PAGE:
PBDAC can reach nearly half the Egyptian population if properly supported by the government, CBE: Elkosayer

Hossam Mounir
15 Min Read
Elsayed Elkosayer, the head of the Principal Bank for Development and Agricultural Credit (PBDAC)

Elsayed Elkosayer, the head of the Principal Bank for Development and Agricultural Credit (PBDAC), said the establishment of major projects in Egypt and the impact of these projects will become clear in the upcoming period.

In his interview with Daily News Egypt, Elkosayer said that the lack of foreign exchange is one of the main problems limiting Egypt’s economy, adding that this is the time when everybody should be supporting the state through the crisis.

He emphasised that Egypt having to resort to the IMF is necessary in order to provide foreign exchange on the one hand, and to obtain a quality certificate for economic reforms on the other.

What is your evaluation of the current state of Egypt’s economy?

Any economy would be impacted by transitional phases and unusual events occurring in the country, as is the case with Egypt. Compared to neighbouring countries, our conditions are a lot better.

Even though we managed to overcome the events of the past five years, we still have some troubles—most importantly the lack of foreign exchange resources. This shortage was the result of the poor conditions and unfortunate events we are continuing to experience in Egypt. It is also the result of conspiracies from countries that do not wish to see Egypt advance.

Do you believe there are conspiracies about Egypt? Why?

Yes, I believe there are many conspiracies surrounding Egypt, especially after the 30 June Uprising in 2013.

Opinions and decisions are no longer imposed on Egypt. It is now able to stand up to everybody and say yes or no. It is heard and feared. In other words, Egypt’s return to its natural place in the international community is making many other countries very anxious.

Despite all those conditions, we are still trying to succeed and overcome crises. This alone is considered an extraordinary success.

In your opinion, what are the strengths of Egypt’s economy?

Egypt is full of promising economic potential. It is also the largest consumer market in the region.

Egypt also has a distinctive geographic location with undiscovered natural resources. It contains a third of the world’s monuments and is considered the second largest state in the world in terms of the rates of investment revenues.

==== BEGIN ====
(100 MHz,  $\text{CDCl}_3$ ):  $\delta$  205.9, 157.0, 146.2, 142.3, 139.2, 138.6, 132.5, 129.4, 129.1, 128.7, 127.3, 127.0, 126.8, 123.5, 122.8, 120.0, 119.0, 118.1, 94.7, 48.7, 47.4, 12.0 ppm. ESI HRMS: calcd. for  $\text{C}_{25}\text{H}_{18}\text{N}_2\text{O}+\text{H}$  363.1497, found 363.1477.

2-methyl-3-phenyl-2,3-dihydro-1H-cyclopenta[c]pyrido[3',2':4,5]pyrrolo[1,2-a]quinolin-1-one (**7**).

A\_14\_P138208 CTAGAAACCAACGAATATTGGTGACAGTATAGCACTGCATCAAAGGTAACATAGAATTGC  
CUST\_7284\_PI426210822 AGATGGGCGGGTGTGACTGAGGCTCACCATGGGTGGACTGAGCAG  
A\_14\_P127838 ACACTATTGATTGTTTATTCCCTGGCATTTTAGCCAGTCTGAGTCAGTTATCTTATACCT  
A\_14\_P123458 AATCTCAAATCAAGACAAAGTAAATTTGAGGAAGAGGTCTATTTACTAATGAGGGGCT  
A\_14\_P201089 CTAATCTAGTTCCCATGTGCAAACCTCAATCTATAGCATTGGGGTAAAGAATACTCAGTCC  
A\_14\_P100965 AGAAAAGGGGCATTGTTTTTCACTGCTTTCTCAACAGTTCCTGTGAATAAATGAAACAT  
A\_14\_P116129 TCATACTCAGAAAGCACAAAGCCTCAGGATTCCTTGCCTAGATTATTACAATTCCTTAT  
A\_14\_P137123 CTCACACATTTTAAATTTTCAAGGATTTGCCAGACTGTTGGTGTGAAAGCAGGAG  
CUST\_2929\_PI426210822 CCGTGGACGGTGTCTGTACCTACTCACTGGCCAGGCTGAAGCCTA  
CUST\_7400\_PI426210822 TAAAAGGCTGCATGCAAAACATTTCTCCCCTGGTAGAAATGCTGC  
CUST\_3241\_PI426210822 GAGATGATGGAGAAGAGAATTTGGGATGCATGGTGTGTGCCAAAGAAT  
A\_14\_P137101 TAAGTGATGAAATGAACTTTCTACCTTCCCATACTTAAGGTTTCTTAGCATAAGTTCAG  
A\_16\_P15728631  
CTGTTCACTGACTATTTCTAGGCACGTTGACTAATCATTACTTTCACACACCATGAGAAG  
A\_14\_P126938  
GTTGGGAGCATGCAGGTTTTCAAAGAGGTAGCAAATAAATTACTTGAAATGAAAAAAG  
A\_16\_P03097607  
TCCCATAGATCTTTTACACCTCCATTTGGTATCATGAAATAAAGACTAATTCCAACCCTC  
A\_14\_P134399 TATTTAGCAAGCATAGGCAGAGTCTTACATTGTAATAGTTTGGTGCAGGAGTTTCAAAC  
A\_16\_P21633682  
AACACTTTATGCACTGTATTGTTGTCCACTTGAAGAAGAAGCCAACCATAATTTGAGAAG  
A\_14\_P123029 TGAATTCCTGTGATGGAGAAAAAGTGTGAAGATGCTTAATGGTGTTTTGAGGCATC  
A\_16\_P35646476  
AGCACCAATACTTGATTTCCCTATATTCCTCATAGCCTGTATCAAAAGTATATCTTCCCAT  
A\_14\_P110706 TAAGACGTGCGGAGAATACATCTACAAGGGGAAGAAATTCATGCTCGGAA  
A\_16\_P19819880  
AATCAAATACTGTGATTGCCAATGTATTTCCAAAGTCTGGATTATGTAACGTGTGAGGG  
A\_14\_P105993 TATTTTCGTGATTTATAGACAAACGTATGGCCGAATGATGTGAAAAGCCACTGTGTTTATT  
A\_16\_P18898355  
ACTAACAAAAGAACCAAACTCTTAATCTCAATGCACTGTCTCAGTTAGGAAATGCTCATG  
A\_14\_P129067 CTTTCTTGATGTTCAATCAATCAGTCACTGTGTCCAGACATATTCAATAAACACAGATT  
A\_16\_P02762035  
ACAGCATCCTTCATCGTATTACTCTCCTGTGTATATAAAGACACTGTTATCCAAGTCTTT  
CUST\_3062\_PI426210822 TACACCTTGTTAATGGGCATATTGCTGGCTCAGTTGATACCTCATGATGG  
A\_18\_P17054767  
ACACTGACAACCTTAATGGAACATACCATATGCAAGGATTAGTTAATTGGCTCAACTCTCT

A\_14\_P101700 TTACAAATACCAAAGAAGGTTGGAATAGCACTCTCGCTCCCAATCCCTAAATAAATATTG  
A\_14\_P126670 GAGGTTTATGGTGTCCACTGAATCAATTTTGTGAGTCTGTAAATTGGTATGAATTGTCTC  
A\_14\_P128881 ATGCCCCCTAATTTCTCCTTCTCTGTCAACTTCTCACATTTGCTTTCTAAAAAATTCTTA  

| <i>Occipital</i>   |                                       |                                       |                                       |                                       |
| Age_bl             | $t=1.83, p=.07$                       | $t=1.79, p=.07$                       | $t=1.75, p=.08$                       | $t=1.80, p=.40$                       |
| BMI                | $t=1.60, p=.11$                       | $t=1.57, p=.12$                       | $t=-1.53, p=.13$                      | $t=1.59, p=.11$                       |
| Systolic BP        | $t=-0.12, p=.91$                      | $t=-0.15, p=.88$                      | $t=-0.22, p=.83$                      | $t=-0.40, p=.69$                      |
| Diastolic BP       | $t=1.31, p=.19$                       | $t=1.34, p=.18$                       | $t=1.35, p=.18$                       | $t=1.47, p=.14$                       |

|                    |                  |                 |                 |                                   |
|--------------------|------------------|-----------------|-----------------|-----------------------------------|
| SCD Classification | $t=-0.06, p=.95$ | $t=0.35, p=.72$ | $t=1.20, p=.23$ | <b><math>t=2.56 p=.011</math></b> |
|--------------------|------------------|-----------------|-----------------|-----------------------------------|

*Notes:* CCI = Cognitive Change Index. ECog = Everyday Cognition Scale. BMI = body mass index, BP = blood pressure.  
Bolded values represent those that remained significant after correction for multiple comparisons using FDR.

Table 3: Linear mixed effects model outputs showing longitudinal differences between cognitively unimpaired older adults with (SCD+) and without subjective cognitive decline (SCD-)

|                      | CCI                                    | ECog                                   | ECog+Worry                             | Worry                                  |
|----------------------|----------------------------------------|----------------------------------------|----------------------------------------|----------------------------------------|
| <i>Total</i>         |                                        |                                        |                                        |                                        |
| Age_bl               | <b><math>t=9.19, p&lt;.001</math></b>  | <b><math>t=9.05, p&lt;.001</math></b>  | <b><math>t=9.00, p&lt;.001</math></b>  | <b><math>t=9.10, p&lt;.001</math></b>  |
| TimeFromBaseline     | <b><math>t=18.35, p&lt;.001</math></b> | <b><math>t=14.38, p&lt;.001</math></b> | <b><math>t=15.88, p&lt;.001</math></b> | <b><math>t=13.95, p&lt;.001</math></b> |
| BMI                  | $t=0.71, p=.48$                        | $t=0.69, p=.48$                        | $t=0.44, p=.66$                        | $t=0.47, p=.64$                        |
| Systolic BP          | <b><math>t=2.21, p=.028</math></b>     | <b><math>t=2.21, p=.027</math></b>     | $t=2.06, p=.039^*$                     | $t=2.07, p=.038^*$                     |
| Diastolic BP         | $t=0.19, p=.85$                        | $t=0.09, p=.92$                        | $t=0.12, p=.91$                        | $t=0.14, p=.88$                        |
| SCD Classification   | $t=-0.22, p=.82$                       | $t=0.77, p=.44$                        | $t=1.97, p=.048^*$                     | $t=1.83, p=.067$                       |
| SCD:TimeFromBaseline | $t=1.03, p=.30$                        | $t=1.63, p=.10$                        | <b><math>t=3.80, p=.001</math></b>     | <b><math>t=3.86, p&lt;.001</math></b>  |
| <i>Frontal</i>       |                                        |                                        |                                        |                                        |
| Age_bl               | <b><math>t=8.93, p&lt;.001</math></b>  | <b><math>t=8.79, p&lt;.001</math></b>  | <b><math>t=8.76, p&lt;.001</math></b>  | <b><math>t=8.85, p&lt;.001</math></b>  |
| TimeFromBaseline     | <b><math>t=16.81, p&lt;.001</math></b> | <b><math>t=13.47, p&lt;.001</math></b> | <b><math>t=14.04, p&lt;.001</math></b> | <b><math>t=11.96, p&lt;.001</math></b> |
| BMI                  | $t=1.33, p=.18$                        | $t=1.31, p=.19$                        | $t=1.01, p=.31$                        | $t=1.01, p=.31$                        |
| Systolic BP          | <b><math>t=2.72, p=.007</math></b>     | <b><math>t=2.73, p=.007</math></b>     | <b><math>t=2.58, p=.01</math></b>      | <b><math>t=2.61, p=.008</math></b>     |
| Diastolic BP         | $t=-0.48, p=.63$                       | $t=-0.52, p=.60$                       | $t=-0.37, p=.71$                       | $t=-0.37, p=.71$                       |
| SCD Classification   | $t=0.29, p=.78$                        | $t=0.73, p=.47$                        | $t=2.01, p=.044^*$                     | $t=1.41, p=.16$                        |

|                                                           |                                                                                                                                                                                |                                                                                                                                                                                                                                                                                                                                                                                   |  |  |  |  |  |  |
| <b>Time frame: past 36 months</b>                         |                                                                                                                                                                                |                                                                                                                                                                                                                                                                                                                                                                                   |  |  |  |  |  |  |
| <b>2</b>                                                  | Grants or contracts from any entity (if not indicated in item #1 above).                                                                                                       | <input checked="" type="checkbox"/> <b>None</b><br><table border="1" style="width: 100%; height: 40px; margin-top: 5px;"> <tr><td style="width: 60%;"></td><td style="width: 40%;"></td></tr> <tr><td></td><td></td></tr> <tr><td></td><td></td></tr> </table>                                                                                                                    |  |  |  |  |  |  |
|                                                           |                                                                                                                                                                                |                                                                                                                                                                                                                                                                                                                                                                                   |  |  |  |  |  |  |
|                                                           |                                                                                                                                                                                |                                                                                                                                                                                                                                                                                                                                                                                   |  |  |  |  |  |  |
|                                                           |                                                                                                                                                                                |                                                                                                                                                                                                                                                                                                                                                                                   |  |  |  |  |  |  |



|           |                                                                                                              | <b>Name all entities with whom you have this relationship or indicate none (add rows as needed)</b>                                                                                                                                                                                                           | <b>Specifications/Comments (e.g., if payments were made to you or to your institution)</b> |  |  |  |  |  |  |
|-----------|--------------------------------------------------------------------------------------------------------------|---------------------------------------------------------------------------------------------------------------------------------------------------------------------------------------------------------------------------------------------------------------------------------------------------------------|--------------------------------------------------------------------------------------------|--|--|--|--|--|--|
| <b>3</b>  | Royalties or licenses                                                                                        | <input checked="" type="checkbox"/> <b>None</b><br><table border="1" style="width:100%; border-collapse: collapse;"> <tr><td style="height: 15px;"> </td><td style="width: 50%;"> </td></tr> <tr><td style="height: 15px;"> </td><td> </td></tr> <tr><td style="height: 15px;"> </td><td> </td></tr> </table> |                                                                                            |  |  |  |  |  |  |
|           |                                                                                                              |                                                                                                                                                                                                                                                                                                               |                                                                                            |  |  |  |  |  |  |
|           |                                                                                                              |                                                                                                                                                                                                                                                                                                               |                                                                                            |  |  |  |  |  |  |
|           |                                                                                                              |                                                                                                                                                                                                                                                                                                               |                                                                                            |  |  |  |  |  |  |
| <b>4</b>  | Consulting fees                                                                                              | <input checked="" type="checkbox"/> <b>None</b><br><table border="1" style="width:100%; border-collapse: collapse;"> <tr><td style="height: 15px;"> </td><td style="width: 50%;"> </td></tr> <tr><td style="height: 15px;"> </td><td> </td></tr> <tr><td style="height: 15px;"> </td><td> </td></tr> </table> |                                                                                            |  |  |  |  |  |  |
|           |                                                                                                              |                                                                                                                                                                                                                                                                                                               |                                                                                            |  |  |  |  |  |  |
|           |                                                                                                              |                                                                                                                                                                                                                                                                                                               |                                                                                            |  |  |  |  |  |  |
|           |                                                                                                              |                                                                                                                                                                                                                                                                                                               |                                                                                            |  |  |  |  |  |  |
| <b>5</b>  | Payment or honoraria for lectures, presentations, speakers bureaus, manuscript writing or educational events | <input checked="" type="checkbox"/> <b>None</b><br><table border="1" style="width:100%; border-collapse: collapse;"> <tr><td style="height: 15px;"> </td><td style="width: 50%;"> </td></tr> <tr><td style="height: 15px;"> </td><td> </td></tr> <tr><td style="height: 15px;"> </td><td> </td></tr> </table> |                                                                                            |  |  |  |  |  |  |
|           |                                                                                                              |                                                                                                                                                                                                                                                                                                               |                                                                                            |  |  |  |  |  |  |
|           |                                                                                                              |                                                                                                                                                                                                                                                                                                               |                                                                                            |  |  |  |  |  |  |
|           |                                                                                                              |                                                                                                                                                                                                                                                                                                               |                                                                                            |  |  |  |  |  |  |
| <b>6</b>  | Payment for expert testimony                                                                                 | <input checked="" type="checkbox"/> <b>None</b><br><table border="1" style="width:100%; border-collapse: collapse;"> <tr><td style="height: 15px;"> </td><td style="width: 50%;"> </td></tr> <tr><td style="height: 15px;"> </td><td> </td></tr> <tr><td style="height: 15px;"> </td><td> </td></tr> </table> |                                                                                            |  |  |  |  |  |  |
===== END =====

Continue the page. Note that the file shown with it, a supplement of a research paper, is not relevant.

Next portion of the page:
If Egypt has the potential, what is required in order for its economy to actually move forwards?

There are reform steps that must be taken in order to prepare the investment environment. In my opinion, the government has already started working on this.

First of all, implementation of the one-stop shop system must be sped up. Secondly, thorough research must be carried out in order to look into the tools and ways of increasing foreign exchange.

I have some suggestions in this regard, in the tourism sector in particular, as it is the most attractive sector for foreign exchange considering available infrastructure. Moreover, it does not require any investment or effort as is the case with other sectors. However, it does require a change in the mentality by which we deal with tourists.

For example, why do we insist on hiring foreign agents for Egyptian travel agencies? Why not use Egyptian agents who will be more loyal to their country, especially as compared to many other countries in the region, Egypt is much more peaceful and stable.

This also makes me wonder, why do we not benefit from the opportunities that become available to us? Why have we not used the crisis in France or Turkey to attract tourists who preferred these countries as a tourist destination? Why do we not present Egypt as an alternative to tourists?

There are efforts to help the economy move forward but we also need non-traditional solutions in order to overcome many of the crises we are facing, most importantly the crisis of foreign exchange.

In your opinion, what projects or activities could quickly help Egypt’s economy move forward?

There are many projects that can help achieve this, such as the Suez Canal Development project, the New Administrative Capital, the Golden Triangle, the North Coast development, the 1.5m-acre cultivation, Technology Valley, road and electricity projects, and many other major projects that can accommodate a large labour force and limit unemployment. They will also have a great impact on Egypt’s GDP.

Many believe that these projects will not have an immediate or apparent impact on the economy and that it would be better to delay them. What is your response?

Maybe the positive impact of these projects will not be immediate, but they will most certainly have a great impact later. The state is working on many aspects and is trying to save time. If we remain in this state of recession and slowdown, at some point we will end up with no national projects.

There is a goal behind implementing these projects at the current time. The projects are considered investment incentives which enable the state to attract foreign investments—something we are in great need of at the present time.

The state’s trend towards establishing major projects to save energy is also an important issue. The energy issue is one of the major issues facing investors.

The state is keen to establish residential areas far from the valley and Delta, which are jam-packed with citizens.

Due to the high cost of living, the average citizen often cannot see the government’s achievements. What is the solution for this?

The government is required to augment the protection programmes for low-income citizens and keep a close eye on markets. It also needs to step in as a market-maker to control prices. The entire subsidisation system must be looked into in order to deliver the benefits to those who truly need them.